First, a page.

The Top Four Cybersecurity Tips for Global Media Teams

Having a strong cybersecurity posture is at the top of most companies’ lists. But for organisations in media and entertainment (M&E), the threat from nefarious actors can be existential.

That’s because most media companies’ stock-in-trade is their intellectual property (IP) – which must be defended at all costs. They are also highly public facing, making the potential reputational and financial fallout of a data breach even more severe.

But there are plenty of ways M&E firms can protect their IP. Here are the top four.

1. Enforce Secure Remote Workflows

The M&E business has gone largely remote: A standard workflow now involves a set in a remote location, a video editor in New York, a visual effects house in LA, a colourist in Toronto, and a client in the UK. That means long chains of custody for media assets and plenty of potential exposure to insecure systems and devices.

M&E firms can protect endpoints through cloud offerings such as desktop-as-a-service (DaaS), virtual desktop infrastructure (VDI), or PC over IP (PCoIP). These technologies allow users to securely access their files from any endpoint while providing virtual desktop environments that aren’t tied to a physical workstation.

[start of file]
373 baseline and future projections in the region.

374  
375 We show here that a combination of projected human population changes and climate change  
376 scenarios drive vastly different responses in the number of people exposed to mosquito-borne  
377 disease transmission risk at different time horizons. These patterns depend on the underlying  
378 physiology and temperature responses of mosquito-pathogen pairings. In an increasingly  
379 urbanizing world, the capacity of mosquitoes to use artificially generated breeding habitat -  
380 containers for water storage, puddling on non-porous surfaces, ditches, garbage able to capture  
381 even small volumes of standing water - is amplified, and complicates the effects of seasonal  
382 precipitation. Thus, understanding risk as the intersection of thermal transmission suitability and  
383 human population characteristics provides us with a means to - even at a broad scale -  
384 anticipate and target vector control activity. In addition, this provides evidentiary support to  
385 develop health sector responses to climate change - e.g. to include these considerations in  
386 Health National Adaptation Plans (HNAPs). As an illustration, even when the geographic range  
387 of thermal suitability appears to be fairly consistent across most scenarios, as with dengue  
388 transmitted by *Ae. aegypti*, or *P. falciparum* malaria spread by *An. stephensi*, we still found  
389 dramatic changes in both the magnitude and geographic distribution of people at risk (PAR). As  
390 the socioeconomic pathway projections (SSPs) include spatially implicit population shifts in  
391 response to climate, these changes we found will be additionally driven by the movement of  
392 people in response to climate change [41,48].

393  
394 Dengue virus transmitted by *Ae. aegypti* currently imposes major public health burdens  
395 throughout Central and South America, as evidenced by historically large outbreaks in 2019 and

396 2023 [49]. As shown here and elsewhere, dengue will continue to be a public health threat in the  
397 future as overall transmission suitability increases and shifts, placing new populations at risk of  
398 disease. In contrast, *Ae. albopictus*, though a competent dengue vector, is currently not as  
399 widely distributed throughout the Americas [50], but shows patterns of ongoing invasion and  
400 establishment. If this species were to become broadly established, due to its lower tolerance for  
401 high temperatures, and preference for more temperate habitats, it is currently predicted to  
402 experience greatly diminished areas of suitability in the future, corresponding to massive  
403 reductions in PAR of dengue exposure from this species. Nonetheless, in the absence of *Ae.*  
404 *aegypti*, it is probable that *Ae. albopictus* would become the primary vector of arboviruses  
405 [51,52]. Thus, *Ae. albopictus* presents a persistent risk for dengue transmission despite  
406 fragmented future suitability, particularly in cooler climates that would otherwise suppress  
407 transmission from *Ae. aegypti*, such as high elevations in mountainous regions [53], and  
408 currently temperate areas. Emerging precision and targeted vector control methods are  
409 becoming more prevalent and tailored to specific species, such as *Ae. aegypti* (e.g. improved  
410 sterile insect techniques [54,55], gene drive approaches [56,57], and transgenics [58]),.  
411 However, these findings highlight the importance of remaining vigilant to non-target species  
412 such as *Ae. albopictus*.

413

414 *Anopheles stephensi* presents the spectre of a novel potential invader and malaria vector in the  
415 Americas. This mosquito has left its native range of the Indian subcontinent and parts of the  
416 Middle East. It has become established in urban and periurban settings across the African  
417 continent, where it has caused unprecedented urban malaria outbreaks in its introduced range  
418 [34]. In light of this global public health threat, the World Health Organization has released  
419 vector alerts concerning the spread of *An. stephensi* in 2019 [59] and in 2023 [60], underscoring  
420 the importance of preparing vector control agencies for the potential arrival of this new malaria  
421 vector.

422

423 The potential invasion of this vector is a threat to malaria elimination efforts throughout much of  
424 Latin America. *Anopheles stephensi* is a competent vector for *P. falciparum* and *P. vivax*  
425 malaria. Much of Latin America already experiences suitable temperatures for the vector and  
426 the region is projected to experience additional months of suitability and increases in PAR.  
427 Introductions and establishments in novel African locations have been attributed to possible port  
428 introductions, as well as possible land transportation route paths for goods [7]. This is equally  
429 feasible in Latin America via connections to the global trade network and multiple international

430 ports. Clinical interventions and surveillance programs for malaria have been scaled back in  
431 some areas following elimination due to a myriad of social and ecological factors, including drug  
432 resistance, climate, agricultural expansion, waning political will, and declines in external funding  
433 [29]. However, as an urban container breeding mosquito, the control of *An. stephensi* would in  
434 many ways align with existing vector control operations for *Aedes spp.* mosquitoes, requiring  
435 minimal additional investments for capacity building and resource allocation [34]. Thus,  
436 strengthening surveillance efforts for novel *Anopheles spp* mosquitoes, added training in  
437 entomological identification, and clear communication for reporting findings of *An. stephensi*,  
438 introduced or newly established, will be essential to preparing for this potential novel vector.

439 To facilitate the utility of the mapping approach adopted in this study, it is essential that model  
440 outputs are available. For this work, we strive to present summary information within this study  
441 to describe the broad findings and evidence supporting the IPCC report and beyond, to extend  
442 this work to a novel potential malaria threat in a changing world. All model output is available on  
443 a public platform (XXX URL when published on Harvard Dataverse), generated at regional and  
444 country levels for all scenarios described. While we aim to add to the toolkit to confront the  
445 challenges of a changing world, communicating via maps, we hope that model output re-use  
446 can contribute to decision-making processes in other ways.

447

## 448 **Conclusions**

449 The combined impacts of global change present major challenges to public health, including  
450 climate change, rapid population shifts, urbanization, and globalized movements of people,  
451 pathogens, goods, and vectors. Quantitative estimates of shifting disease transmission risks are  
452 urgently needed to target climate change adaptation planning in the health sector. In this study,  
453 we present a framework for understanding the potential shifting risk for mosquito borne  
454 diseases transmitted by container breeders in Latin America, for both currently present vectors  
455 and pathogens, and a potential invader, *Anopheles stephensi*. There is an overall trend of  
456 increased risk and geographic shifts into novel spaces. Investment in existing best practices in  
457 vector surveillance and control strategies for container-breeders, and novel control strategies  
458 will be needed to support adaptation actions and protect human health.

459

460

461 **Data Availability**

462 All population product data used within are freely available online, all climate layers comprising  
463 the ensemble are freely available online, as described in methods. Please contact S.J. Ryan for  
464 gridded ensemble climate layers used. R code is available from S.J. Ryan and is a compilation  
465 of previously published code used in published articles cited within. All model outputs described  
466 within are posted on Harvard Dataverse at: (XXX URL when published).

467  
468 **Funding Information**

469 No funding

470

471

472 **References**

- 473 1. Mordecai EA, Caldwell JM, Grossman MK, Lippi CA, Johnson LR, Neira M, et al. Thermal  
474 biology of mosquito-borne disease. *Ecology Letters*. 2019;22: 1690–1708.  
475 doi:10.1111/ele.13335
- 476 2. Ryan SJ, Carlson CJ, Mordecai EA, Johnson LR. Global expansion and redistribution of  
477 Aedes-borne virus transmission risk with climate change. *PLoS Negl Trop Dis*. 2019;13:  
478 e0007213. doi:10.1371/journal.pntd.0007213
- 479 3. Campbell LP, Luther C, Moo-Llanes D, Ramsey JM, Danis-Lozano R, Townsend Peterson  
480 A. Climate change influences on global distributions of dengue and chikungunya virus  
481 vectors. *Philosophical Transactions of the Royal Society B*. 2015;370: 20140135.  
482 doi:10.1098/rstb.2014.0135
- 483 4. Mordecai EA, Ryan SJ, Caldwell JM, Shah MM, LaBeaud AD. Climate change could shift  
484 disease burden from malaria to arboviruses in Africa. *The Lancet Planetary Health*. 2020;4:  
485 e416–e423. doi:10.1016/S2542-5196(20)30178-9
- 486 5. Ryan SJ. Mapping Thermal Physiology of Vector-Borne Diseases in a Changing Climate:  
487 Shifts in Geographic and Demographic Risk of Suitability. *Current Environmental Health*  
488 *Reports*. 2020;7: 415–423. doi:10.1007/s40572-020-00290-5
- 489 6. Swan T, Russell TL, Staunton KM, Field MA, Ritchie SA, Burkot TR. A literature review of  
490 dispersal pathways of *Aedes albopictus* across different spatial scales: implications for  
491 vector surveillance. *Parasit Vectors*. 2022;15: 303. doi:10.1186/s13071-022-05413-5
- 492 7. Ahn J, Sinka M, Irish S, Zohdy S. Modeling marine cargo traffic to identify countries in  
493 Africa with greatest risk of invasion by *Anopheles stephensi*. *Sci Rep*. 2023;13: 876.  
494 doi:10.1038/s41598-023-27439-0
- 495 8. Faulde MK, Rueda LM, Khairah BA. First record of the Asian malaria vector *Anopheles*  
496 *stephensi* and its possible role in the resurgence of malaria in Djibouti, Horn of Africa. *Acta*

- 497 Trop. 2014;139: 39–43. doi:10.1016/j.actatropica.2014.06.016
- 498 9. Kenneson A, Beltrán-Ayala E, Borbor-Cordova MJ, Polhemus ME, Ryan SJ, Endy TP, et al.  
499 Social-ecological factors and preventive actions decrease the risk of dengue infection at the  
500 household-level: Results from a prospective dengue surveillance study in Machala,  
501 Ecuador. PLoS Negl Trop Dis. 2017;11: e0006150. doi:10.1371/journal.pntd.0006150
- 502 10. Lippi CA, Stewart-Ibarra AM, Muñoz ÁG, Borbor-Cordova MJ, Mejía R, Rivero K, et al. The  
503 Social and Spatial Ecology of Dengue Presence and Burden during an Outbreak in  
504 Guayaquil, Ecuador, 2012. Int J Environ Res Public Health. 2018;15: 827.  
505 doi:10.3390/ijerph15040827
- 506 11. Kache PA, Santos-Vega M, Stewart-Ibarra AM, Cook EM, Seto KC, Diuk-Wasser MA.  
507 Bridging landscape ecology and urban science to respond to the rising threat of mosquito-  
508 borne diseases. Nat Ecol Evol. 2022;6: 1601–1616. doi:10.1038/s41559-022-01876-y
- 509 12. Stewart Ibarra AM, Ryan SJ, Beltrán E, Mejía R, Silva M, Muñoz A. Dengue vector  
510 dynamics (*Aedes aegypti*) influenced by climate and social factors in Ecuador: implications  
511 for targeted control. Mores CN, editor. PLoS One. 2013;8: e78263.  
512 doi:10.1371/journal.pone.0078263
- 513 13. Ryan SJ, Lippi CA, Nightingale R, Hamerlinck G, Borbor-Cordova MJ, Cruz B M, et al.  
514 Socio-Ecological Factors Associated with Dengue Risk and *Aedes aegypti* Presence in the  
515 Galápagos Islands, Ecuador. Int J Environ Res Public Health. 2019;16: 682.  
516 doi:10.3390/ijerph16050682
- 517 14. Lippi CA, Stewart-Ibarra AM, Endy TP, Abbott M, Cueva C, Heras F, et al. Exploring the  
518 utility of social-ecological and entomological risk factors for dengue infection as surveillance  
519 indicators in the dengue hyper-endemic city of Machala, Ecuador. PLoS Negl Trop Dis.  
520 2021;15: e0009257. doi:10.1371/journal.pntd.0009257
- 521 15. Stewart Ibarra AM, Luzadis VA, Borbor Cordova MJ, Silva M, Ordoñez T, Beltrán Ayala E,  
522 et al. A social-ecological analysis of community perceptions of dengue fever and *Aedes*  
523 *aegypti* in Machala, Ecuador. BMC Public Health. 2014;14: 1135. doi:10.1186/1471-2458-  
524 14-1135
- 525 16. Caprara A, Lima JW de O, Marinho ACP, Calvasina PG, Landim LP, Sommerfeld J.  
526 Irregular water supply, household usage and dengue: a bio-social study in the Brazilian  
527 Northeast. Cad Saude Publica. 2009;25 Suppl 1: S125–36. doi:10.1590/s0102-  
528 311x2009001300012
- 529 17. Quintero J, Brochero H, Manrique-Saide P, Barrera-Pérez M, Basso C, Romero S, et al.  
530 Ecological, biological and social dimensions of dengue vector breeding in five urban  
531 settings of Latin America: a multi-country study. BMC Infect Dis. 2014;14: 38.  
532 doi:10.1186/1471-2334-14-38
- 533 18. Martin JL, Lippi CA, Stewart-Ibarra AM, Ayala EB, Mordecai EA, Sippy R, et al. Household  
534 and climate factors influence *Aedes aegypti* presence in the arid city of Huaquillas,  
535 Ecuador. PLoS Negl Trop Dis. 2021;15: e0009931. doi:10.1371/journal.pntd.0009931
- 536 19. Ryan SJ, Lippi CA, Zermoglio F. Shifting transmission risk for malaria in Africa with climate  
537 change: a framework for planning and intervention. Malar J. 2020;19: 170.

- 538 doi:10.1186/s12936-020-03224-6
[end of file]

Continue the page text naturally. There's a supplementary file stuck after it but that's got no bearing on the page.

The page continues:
Other ways M&E firms can enforce secure remote workflows include:

  • Securing personal and mobile devices with strong passwords and remote tracking/wiping software such as mobile device management (MDM) tools for remote enforcement.
  • Establishing zero-trust policies for remote devices using solutions such as CloudFlare ZTNA or Zscaler.
  • Ensuring collaborators use updated WPA3 routers and other secure hardware and secure their WiFi networks with network encryption.
  • Keeping all hardware and software (including anti-malware software) fully patched and up to date.
  • Using visible and forensic watermarking and recording chains of custody to track media assets and identify potential copyright infringement.